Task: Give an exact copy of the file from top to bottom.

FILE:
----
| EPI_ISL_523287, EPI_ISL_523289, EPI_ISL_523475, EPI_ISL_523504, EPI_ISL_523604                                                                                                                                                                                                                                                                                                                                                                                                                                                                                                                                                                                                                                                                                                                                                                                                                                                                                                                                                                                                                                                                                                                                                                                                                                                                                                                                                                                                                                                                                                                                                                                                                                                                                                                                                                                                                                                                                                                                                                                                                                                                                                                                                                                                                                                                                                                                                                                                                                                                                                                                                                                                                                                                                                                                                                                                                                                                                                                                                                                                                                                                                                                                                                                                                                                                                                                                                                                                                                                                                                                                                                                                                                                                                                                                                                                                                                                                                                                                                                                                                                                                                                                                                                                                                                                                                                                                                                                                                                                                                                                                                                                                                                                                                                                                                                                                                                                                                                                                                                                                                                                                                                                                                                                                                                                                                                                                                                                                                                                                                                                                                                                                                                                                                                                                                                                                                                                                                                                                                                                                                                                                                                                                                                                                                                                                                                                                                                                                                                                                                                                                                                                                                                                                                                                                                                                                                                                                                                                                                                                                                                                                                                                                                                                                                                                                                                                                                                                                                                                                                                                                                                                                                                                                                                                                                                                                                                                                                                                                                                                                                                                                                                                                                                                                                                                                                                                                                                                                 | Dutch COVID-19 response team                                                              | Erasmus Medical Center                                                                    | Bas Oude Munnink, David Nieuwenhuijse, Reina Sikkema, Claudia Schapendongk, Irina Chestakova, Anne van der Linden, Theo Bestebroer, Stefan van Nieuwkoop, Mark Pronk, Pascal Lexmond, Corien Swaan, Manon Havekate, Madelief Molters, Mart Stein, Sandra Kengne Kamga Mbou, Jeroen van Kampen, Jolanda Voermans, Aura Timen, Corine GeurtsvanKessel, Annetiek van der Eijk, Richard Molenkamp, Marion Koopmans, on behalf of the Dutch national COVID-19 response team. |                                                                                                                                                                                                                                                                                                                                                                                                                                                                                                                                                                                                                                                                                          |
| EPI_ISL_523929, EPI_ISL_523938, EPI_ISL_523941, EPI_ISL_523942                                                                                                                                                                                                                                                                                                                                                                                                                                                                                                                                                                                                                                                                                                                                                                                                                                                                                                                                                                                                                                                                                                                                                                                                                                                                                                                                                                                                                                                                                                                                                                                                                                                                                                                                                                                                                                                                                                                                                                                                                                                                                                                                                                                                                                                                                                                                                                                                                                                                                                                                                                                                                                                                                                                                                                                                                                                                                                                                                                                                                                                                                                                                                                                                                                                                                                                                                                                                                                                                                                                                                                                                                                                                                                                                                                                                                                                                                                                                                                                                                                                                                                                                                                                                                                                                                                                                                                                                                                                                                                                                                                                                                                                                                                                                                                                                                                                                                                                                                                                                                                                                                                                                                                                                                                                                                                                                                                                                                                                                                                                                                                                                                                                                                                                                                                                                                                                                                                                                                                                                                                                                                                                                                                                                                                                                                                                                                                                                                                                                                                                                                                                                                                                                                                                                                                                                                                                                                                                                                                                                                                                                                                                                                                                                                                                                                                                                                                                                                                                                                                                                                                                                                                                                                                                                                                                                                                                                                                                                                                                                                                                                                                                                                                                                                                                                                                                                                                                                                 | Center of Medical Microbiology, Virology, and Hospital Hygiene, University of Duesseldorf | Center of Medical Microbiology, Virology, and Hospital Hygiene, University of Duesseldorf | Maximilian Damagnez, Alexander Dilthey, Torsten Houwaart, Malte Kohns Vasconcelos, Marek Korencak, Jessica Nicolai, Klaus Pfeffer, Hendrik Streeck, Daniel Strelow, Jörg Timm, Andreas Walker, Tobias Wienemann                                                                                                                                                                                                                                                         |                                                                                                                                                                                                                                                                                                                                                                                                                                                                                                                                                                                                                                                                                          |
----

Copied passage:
| EPI_ISL_523287, EPI_ISL_523289, EPI_ISL_523475, EPI_ISL_523504, EPI_ISL_523604                                                                                                                                                                                                                                                                                                                                                                                                                                                                                                                                                                                                                                                                                                                                                                                                                                                                                                                                                                                                                                                                                                                                                                                                                                                                                                                                                                                                                                                                                                                                                                                                                                                                                                                                                                                                                                                                                                                                                                                                                                                                                                                                                                                                                                                                                                                                                                                                                                                                                                                                                                                                                                                                                                                                                                                                                                                                                                                                                                                                                                                                                                                                                                                                                                                                                                                                                                                                                                                                                                                                                                                                                                                                                                                                                                                                                                                                                                                                                                                                                                                                                                                                                                                                                                                                                                                                                                                                                                                                                                                                                                                                                                                                                                                                                                                                                                                                                                                                                                                                                                                                                                                                                                                                                                                                                                                                                                                                                                                                                                                                                                                                                                                                                                                                                                                                                                                                                                                                                                                                                                                                                                                                                                                                                                                                                                                                                                                                                                                                                                                                                                                                                                                                                                                                                                                                                                                                                                                                                                                                                                                                                                                                                                                                                                                                                                                                                                                                                                                                                                                                                                                                                                                                                                                                                                                                                                                                                                                                                                                                                                                                                                                                                                                                                                                                                                                                                                                                 | Dutch COVID-19 response team                                                              | Erasmus Medical Center                                                                    | Bas Oude Munnink, David Nieuwenhuijse, Reina Sikkema, Claudia Schapendongk, Irina Chestakova, Anne van der Linden, Theo Bestebroer, Stefan van Nieuwkoop, Mark Pronk, Pascal Lexmond, Corien Swaan, Manon Havekate, Madelief Molters, Mart Stein, Sandra Kengne Kamga Mbou, Jeroen van Kampen, Jolanda Voermans, Aura Timen, Corine GeurtsvanKessel, Annetiek van der Eijk, Richard Molenkamp, Marion Koopmans, on behalf of the Dutch national COVID-19 response team. |                                                                                                                                                                                                                                                                                                                                                                                                                                                                                                                                                                                                                                                                                          |
| EPI_ISL_523929, EPI_ISL_523938, EPI_ISL_523941, EPI_ISL_523942                                                                                                                                                                                                                                                                                                                                                                                                                                                                                                                                                                                                                                                                                                                                                                                                                                                                                                                                                                                                                                                                                                                                                                                                                                                                                                                                                                                                                                                                                                                                                                                                                                                                                                                                                                                                                                                                                                                                                                                                                                                                                                                                                                                                                                                                                                                                                                                                                                                                                                                                                                                                                                                                                                                                                                                                                                                                                                                                                                                                                                                                                                                                                                                                                                                                                                                                                                                                                                                                                                                                                                                                                                                                                                                                                                                                                                                                                                                                                                                                                                                                                                                                                                                                                                                                                                                                                                                                                                                                                                                                                                                                                                                                                                                                                                                                                                                                                                                                                                                                                                                                                                                                                                                                                                                                                                                                                                                                                                                                                                                                                                                                                                                                                                                                                                                                                                                                                                                                                                                                                                                                                                                                                                                                                                                                                                                                                                                                                                                                                                                                                                                                                                                                                                                                                                                                                                                                                                                                                                                                                                                                                                                                                                                                                                                                                                                                                                                                                                                                                                                                                                                                                                                                                                                                                                                                                                                                                                                                                                                                                                                                                                                                                                                                                                                                                                                                                                                                                 | Center of Medical Microbiology, Virology, and Hospital Hygiene, University of Duesseldorf | Center of Medical Microbiology, Virology, and Hospital Hygiene, University of Duesseldorf | Maximilian Damagnez, Alexander Dilthey, Torsten Houwaart, Malte Kohns Vasconcelos, Marek Korencak, Jessica Nicolai, Klaus Pfeffer, Hendrik Streeck, Daniel Strelow, Jörg Timm, Andreas Walker, Tobias Wienemann                                                                                                                                                                                                                                                         |                                                                                                                                                                                                                                                                                                                                                                                                                                                                                                                                                                                                                                                                                          |